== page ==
“How did you get there?” an instructor asked her. The first catechesis class held last fall, she said, helped her find God and prevented her from continually wanting more from her life, tempering her desires.
Tanzini sat through the Thursday evening class, speaking only at the end to add to the efforts of an instructor who encouraged participants to attend a retreat at the end of this month, pushing them to go to the next level.
The instructor singled out the man who said he had been lost. The man, who is 62, said he did not plan to attend the retreat, but the instructor said the community would do whatever it could to get him there.
After the class, the man, who declined to give his name, said he appreciated the “pushback,” from the courses and from Tanzini.
“I love that man with all my heart,” he said about Tanzini.
“He tries to push me out of the space that I was in and I get pissed off,” he said. “It’s my nature because I’m an old man. But no matter who is running what, you’re going to have people who don’t agree with you. He’s a good man, he’s a good man, he really is.”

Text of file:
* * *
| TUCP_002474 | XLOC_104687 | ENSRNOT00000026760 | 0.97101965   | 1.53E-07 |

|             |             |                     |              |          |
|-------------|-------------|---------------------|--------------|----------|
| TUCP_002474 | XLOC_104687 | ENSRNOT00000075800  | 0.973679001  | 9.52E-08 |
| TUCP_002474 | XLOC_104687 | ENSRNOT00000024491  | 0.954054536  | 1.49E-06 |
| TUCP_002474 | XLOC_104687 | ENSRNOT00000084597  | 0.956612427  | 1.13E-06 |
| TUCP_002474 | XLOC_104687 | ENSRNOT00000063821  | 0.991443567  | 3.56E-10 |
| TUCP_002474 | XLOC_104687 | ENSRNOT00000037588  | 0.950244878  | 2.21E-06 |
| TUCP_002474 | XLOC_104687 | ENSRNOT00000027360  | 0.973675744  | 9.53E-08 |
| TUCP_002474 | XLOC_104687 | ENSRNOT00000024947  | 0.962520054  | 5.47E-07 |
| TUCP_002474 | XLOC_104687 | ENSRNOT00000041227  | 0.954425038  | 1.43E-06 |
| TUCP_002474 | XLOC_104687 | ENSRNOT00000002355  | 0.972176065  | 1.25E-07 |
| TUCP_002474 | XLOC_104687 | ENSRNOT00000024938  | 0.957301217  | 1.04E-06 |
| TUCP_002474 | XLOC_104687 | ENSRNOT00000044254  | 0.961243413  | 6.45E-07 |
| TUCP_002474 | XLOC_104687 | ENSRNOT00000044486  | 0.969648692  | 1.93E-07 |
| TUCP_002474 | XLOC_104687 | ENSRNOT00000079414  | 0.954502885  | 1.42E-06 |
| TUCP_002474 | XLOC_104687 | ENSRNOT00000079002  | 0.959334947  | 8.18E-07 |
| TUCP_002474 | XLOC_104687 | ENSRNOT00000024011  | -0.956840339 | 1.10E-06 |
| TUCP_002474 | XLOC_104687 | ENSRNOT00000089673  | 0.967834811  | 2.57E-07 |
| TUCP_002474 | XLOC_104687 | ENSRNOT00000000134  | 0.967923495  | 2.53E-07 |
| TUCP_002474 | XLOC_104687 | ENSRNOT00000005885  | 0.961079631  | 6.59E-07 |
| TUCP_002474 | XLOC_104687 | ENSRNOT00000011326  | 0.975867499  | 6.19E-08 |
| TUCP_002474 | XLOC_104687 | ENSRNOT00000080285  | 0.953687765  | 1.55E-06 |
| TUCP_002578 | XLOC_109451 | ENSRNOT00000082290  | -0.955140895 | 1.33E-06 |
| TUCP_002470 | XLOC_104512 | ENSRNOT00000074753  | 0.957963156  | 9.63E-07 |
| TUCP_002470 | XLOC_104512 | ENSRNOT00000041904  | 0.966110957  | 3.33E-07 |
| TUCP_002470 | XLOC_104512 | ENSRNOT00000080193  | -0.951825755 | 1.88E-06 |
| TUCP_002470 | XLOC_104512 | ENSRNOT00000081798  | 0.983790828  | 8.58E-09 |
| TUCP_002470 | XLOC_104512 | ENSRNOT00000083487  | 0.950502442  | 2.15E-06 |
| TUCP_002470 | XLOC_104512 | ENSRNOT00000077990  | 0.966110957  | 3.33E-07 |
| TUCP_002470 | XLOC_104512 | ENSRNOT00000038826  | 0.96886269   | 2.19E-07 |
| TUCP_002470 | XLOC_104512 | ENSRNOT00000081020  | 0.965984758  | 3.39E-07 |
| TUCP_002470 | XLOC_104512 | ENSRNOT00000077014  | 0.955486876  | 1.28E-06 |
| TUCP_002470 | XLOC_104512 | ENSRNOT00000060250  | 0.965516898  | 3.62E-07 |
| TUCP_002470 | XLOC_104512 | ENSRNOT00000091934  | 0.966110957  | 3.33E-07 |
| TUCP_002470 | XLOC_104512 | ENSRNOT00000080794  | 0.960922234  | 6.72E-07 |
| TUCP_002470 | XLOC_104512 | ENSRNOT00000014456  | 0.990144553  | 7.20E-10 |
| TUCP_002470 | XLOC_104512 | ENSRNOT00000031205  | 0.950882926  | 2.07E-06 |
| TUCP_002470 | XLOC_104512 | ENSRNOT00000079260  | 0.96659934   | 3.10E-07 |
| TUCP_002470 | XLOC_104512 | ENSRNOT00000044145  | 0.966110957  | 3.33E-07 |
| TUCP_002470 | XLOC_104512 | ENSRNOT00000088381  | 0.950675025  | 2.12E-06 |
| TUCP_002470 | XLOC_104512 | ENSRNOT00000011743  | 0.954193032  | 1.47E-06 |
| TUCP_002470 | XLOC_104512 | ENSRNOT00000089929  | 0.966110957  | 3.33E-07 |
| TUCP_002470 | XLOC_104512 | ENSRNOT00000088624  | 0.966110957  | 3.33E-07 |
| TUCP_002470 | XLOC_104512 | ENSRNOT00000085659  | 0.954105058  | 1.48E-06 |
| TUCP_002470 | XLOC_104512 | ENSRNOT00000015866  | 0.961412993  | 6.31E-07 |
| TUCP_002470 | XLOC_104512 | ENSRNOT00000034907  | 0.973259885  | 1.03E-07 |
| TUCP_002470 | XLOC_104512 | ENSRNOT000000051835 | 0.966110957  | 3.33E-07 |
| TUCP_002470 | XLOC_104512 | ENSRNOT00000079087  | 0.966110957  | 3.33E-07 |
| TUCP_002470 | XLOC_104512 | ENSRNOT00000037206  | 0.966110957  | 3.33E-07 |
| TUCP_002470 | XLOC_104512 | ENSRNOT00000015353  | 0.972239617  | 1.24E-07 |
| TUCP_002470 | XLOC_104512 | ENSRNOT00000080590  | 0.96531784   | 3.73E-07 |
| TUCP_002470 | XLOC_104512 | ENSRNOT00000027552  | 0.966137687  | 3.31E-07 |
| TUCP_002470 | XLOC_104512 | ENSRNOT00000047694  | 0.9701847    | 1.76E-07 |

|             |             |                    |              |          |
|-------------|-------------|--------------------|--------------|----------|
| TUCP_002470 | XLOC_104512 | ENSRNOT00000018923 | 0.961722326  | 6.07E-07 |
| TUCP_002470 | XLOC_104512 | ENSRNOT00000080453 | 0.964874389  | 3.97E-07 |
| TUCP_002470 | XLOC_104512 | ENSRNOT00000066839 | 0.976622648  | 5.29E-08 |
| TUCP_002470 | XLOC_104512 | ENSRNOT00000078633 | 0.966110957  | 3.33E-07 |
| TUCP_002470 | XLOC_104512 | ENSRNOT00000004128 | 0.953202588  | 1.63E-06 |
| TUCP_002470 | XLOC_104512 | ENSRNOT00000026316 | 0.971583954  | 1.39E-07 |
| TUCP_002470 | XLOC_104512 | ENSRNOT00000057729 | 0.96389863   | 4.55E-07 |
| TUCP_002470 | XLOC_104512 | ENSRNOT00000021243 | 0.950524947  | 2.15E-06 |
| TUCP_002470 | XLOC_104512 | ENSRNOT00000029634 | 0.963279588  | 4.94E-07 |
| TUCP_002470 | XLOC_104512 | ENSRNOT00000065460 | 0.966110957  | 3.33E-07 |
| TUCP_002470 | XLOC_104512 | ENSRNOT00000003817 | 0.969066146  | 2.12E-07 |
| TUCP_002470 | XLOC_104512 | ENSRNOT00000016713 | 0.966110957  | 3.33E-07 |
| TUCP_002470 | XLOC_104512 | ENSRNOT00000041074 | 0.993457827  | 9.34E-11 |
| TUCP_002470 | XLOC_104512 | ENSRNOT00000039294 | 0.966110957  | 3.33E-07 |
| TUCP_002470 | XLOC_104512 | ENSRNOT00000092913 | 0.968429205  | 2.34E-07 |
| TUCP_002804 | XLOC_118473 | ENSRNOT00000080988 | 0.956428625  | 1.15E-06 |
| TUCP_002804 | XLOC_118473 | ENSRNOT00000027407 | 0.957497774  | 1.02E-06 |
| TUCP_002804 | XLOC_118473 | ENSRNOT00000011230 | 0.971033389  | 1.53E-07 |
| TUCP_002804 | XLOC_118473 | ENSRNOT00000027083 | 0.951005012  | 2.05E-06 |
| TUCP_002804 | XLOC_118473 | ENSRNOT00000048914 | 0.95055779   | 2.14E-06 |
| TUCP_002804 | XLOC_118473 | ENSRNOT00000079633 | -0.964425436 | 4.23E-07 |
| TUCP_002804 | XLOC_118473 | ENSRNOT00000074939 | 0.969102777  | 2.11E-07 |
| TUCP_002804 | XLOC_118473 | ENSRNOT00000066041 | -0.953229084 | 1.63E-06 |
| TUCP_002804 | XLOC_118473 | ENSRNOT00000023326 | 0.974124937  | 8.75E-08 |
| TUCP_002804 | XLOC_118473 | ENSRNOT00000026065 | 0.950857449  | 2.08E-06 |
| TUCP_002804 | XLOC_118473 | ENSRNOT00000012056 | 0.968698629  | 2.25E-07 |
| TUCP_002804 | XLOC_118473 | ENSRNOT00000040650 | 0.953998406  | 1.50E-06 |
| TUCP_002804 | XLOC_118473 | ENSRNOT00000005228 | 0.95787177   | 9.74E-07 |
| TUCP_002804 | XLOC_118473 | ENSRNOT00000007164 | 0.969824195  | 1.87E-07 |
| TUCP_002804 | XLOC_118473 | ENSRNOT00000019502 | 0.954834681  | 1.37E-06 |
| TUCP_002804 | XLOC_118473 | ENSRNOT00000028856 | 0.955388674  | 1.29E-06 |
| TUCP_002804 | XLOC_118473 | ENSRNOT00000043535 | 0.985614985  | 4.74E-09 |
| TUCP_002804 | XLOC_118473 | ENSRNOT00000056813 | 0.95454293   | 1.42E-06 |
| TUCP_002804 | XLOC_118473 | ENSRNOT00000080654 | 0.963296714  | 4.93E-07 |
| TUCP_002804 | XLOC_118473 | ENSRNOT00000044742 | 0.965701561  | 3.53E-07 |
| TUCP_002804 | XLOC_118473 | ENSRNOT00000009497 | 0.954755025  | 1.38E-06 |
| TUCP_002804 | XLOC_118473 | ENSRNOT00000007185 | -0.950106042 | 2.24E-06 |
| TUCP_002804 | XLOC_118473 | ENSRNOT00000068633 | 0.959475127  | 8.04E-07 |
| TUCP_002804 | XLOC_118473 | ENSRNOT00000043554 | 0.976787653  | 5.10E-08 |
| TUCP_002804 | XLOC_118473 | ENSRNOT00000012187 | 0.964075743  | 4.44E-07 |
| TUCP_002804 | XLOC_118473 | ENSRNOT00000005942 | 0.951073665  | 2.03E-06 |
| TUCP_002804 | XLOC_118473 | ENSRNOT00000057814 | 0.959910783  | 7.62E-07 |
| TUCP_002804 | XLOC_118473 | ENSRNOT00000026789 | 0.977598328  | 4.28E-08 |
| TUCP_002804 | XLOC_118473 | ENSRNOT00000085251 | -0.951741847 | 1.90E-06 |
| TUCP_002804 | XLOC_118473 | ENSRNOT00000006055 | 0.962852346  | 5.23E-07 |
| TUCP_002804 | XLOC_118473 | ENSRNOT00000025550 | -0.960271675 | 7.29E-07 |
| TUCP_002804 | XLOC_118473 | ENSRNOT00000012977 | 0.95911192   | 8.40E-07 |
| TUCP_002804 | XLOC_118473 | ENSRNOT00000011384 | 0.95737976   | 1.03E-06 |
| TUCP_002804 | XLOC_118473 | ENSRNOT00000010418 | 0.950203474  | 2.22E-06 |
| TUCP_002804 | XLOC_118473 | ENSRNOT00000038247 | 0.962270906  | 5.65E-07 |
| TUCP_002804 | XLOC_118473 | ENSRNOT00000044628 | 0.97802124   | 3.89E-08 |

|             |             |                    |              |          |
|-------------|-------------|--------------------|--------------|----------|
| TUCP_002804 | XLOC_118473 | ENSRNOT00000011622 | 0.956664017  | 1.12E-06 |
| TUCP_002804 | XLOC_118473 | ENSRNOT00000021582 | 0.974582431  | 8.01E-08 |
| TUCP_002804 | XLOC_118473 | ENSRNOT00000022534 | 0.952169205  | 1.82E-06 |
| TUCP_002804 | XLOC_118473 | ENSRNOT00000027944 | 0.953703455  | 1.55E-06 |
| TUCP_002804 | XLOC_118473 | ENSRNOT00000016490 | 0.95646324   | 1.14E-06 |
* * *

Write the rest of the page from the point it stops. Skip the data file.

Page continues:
Tanzini, in his interview, acknowledged that people may not like his character, but that is part of human nature. Parishioners complained that he once abruptly canceled a special commemorative Mass they showed up for, and one woman said she felt humiliated when the pastor scolded her in the middle of a service for showing up late.
He said those complaints were brought to his attention and addressed by the archdiocese, and he has learned as a result.
The decline in the church’s membership and donations, he said, could not be attributed to his style or to the beginnings of the Neocatechumenal Way at Assumption.
“It’s a common trend in this area,” Tanzini said. “This is not an isolated case.”
Barker, the longtime parishioner, disagreed, saying that some nearby parishes have flourished in recent months — in part bolstered by former members of Assumption.
As far as she can see, her church doesn’t need The Way and the divisions that have come with it.
“I am sure there is a need for that, but I don’t think the need is in Emerson,” she said. “I’m looking from a different perspective — not that I know it all — but I’m comfortable with how I practice my religion.
“We’re saddened we don’t have comfort with our own parish now,” she continued. “We don’t live in a perfect world, and I recognize that. But we’re sort of in a quandary is the best way to put it right now.”